Psychological tests 2
Last week we got an insight into the nature of psychological tests used in our day to day life. Today we look into the type of psychological tests available. Tests have been developed to measure many different human characteristics. Among the most widely used tests are those designed to measure what people have learned – skills such as reading and arithmetic and the general information that people have acquired. These are called as achievement tests and they are used for specific educational attainments. The other types of tests are ability tests which focus on what people can do when they are at their very best. Ability tests are used to measure or potential rather than actual achievement. These are called as aptitude tests – ability to learn a particular kind of skill required in a specific situation. For e.g. we might test a person’s aptitude for learning how to do mechanical drawing, learning to how pilot an airplane or learning surgical skills. The other types of tests are called as personality tests which reveals a person’s characteristic ways of thinking, feeling or behaving. Some tests measures personality attitudes – the way a person responds emotionally and cognitively to another person, thing or situation. They can also measure underlying thought processes, emotional states or behaviour patterns that are abnormal or reflect psychological disorders. While cognitive skills are important in school, they may be less important in an occupation. Then non-cognitive skills like large perceptual-motor components become important. Vocational-aptitude tests measure the mechanical abilities like manual dexterity, steadiness, muscular strength, speed of response to a signal and co-ordination of many movements into a unified whole.
The other type of tests are personality tests which do not involve levels of success or even right or wrong answers; its objective is not to gauge how successful a person will be but, rather what the person is usually like(in thoughts, feelings, and behaviour patterns). Certain personality types are more suited to sensitive jobs. The tests can be in the form of pencil and paper questionnaires, projective methods like Thematic Aperception Test or checklists. Many personality tests appear in popular magazines – tests that purport to tell us whether we are good lovers, optimists, introverts, self-actualized people and so forth. The fact is that most of these tests have not been validated. Such tests are sometimes selected for use because their items look valid – that is they have face validity. But looks can deceive. Proven validity is hard to come by in personality tests. One reason is that an enormous expense and effort is involved in obtaining and updating the validity and norms of these tests. Furthermore, time does not stand still; norms go out of date. For e.g. intelligence tests scores for preschool children and adults have gone up; while at the high school and college levels have gone down. Although the reasons for these trends are a matter of debate, such changes point up the necessity of restandardizing tests from time to time. In actual practice, psychological tests are never perfectly reliable. One reason is that real, meaningful changes do occur in individuals over time; for example, a person who scores low in her group at an initial testing may develop new skills that raise her to a higher position in the group by the second time. The other reason is partly due to the instability of things like attitudes and feelings. The checklists are a direct observation of people’s behaviour and is more used for children. This helps to list the problem in explicit, observable terms and provides for reports from family members and teachers of the child. In response to your query about the vocational guidance tests and aptitude tests, there are two types. One type generally used by the employers measures the specific job requirements that they may have and forecast the success in them as accurately as possible. The other types are used by vocational guidance counselors who help people make a choice – usually a fairly general choice – among broad lines of work. For this, they may use more generalized tests that sample many different aspects of specific attitudes.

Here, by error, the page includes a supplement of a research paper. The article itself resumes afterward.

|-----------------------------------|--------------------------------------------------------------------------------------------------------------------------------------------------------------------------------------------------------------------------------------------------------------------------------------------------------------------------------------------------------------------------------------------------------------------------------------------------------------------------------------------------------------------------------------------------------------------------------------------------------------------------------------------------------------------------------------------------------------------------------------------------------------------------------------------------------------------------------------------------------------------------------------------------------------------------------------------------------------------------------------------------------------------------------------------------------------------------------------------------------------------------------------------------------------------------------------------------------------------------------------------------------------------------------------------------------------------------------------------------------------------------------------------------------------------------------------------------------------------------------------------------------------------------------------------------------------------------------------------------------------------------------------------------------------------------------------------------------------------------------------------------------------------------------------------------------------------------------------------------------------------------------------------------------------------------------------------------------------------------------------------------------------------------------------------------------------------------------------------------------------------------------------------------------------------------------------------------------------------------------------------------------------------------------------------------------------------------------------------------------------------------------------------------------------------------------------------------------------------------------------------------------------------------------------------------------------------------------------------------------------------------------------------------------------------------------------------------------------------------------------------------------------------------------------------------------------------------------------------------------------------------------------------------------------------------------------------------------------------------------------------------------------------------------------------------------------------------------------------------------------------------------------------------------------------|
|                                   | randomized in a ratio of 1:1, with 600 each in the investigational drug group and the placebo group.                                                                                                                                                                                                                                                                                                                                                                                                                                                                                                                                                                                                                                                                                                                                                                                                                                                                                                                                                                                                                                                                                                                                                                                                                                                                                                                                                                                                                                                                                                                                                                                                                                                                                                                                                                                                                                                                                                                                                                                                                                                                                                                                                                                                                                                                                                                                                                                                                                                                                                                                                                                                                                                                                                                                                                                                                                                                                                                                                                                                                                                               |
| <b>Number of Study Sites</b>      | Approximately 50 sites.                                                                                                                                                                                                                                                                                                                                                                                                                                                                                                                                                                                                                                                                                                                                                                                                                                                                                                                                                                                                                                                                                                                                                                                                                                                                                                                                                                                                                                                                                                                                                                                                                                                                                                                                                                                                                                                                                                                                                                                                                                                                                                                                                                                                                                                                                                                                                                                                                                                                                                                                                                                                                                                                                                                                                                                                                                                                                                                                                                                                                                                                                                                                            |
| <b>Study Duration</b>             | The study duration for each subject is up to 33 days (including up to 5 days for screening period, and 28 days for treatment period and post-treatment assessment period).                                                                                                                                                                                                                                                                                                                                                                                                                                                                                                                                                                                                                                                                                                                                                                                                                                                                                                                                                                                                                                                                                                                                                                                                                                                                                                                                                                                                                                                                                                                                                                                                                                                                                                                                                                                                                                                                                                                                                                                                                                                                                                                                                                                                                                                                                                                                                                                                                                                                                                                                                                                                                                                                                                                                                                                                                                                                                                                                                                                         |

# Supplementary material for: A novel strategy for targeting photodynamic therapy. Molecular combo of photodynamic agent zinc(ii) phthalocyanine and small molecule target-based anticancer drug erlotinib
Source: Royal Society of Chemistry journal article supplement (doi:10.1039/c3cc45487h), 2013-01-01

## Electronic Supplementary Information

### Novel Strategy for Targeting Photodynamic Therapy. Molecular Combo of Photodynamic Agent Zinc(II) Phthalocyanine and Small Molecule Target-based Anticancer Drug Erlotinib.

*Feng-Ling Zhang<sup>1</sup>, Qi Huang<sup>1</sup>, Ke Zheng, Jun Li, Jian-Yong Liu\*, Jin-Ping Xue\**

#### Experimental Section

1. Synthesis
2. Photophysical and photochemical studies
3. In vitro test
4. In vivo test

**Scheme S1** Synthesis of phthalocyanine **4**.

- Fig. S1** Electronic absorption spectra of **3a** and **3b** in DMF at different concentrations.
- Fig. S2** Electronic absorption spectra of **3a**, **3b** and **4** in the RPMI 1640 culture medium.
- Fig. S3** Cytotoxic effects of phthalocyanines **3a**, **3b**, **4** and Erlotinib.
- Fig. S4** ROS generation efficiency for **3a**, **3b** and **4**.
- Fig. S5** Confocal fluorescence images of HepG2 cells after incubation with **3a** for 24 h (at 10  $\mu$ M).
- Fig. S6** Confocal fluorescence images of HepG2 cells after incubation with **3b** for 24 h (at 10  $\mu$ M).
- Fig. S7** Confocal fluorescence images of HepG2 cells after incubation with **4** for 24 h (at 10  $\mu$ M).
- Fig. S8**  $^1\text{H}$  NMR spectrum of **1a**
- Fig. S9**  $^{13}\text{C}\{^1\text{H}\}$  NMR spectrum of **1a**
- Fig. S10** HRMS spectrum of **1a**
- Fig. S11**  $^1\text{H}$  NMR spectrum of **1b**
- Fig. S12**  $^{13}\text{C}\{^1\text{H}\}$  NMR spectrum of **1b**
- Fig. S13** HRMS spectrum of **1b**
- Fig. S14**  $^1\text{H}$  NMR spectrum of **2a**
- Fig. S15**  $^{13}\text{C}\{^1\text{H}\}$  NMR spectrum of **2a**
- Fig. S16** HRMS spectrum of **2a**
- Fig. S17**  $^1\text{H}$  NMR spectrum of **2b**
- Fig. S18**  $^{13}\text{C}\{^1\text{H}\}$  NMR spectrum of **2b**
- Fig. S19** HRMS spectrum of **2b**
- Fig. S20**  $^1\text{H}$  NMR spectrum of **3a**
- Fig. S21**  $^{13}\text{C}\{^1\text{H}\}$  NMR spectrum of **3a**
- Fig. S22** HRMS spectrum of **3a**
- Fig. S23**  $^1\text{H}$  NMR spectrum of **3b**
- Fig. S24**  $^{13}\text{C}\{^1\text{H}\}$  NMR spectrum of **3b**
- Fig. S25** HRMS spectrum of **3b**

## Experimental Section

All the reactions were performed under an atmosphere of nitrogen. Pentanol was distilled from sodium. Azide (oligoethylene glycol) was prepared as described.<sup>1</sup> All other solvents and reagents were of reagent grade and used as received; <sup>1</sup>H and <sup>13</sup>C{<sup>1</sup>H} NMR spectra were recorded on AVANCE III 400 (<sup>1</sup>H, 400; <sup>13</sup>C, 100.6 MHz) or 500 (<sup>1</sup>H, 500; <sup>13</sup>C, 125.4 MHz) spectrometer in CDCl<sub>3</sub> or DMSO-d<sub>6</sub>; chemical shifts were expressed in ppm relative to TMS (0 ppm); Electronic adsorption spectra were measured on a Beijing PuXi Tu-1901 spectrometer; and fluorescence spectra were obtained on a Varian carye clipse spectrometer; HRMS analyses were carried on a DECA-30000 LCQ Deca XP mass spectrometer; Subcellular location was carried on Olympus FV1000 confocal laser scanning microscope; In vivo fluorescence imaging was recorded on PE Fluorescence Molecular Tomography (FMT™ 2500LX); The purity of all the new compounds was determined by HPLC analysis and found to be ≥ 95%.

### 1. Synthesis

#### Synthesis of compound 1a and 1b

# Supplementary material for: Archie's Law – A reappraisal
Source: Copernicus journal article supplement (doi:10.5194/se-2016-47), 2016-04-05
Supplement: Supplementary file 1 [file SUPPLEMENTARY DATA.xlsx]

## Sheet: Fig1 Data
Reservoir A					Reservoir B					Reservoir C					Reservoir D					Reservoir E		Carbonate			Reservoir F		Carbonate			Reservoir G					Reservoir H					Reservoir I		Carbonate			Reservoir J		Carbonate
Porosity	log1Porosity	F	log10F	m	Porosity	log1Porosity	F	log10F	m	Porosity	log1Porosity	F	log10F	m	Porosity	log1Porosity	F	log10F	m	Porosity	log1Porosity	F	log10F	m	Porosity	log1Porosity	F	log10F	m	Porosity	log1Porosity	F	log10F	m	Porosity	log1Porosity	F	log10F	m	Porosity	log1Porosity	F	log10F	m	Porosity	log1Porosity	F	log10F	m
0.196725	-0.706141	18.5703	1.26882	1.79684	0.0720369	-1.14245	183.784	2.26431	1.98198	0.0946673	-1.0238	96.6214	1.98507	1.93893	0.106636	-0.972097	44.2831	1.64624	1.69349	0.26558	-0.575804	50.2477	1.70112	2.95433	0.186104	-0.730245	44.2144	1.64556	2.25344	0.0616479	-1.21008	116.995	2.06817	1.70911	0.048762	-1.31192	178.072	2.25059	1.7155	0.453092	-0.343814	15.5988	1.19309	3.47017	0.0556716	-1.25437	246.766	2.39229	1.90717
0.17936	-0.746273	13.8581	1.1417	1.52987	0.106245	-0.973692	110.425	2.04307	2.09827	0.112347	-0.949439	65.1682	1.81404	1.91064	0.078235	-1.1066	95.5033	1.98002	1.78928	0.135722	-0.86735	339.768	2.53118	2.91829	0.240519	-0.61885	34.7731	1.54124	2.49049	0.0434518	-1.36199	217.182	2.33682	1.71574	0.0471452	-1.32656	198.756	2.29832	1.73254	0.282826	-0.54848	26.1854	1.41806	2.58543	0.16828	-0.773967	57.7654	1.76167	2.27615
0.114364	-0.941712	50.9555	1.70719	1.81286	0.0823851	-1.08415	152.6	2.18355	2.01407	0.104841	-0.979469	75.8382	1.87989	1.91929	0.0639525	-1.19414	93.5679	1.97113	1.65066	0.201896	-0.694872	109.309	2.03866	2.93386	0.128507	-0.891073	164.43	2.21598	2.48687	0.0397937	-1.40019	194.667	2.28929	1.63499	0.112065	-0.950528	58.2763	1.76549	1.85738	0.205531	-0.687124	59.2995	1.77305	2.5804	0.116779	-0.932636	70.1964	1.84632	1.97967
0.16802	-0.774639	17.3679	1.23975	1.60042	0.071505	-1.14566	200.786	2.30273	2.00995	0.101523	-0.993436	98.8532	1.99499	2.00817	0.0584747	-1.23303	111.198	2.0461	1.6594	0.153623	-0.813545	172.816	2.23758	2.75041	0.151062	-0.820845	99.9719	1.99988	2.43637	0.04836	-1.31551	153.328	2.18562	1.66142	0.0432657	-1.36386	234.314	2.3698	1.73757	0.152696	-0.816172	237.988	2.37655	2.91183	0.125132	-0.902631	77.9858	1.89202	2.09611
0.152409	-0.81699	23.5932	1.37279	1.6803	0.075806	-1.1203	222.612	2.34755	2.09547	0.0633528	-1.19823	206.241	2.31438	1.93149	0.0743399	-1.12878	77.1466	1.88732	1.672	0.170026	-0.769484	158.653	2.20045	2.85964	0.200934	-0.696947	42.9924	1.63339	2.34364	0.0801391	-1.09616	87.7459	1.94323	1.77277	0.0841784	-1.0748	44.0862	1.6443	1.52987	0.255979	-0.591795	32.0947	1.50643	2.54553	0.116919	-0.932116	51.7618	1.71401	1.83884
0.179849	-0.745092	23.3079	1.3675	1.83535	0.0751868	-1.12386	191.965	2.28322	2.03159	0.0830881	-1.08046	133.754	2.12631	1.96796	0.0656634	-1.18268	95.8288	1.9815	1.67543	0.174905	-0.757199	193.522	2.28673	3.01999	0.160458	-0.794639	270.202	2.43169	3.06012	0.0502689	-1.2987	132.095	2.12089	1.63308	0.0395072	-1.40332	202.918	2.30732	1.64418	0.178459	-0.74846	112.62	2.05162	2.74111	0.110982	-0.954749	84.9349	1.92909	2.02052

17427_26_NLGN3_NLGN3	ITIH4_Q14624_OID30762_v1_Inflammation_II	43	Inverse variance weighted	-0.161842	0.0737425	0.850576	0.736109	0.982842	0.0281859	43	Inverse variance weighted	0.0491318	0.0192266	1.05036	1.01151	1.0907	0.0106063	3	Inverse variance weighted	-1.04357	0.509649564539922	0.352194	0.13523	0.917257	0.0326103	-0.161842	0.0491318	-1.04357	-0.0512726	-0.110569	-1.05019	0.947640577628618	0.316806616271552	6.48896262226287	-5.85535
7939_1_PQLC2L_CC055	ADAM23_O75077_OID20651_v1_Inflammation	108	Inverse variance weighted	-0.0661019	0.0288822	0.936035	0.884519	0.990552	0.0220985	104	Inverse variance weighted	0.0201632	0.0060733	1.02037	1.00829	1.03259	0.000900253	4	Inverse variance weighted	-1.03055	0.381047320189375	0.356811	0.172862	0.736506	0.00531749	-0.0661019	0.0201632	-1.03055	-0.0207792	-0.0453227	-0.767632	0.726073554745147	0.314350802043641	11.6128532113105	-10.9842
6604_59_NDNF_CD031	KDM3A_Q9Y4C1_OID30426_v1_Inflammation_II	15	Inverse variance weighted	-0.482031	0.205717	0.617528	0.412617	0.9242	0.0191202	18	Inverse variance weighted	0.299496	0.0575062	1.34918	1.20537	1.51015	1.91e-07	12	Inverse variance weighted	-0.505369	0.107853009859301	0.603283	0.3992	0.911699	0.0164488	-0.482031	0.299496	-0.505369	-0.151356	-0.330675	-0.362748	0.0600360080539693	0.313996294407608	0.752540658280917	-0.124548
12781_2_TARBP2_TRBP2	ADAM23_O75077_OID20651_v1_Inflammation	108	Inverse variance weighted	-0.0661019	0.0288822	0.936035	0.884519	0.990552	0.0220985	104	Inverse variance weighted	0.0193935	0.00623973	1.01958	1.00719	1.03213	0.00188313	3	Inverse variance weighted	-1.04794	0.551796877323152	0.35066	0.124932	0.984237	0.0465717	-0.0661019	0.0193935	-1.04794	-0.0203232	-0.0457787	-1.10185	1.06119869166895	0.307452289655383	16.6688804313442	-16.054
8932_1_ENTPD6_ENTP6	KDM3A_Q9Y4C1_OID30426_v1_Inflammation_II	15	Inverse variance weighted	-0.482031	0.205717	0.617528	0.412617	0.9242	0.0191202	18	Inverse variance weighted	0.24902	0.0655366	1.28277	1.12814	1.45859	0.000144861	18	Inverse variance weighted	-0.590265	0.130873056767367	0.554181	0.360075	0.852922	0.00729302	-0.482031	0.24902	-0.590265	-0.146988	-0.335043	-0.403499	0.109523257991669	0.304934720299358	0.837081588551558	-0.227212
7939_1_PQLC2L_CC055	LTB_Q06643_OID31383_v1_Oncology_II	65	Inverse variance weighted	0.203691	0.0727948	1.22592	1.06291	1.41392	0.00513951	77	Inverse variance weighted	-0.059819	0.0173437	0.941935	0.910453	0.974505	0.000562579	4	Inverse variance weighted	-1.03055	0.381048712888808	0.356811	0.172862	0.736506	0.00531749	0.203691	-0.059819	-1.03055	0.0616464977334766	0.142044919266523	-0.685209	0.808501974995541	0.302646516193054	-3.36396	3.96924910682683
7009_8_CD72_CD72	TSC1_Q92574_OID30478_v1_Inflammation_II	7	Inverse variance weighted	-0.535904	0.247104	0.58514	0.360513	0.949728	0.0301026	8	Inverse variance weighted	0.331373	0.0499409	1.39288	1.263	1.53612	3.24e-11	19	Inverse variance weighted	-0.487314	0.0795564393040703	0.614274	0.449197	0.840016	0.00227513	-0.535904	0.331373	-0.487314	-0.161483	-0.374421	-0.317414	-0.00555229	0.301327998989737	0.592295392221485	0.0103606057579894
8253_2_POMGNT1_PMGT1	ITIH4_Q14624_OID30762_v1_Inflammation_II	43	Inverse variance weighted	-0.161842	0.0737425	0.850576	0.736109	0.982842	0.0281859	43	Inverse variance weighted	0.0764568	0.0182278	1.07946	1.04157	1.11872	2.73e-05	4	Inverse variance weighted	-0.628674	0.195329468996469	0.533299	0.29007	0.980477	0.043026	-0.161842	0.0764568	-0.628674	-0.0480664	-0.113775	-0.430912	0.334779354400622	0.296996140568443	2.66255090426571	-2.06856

Having looked at all this material, Vinit, you can now judge the importance of psychological testing in day to day life. This means that tests must be selected and used with great care. Also, the people who make the decisions must pay close attention to test content, selecting tests on the relevant people attributes.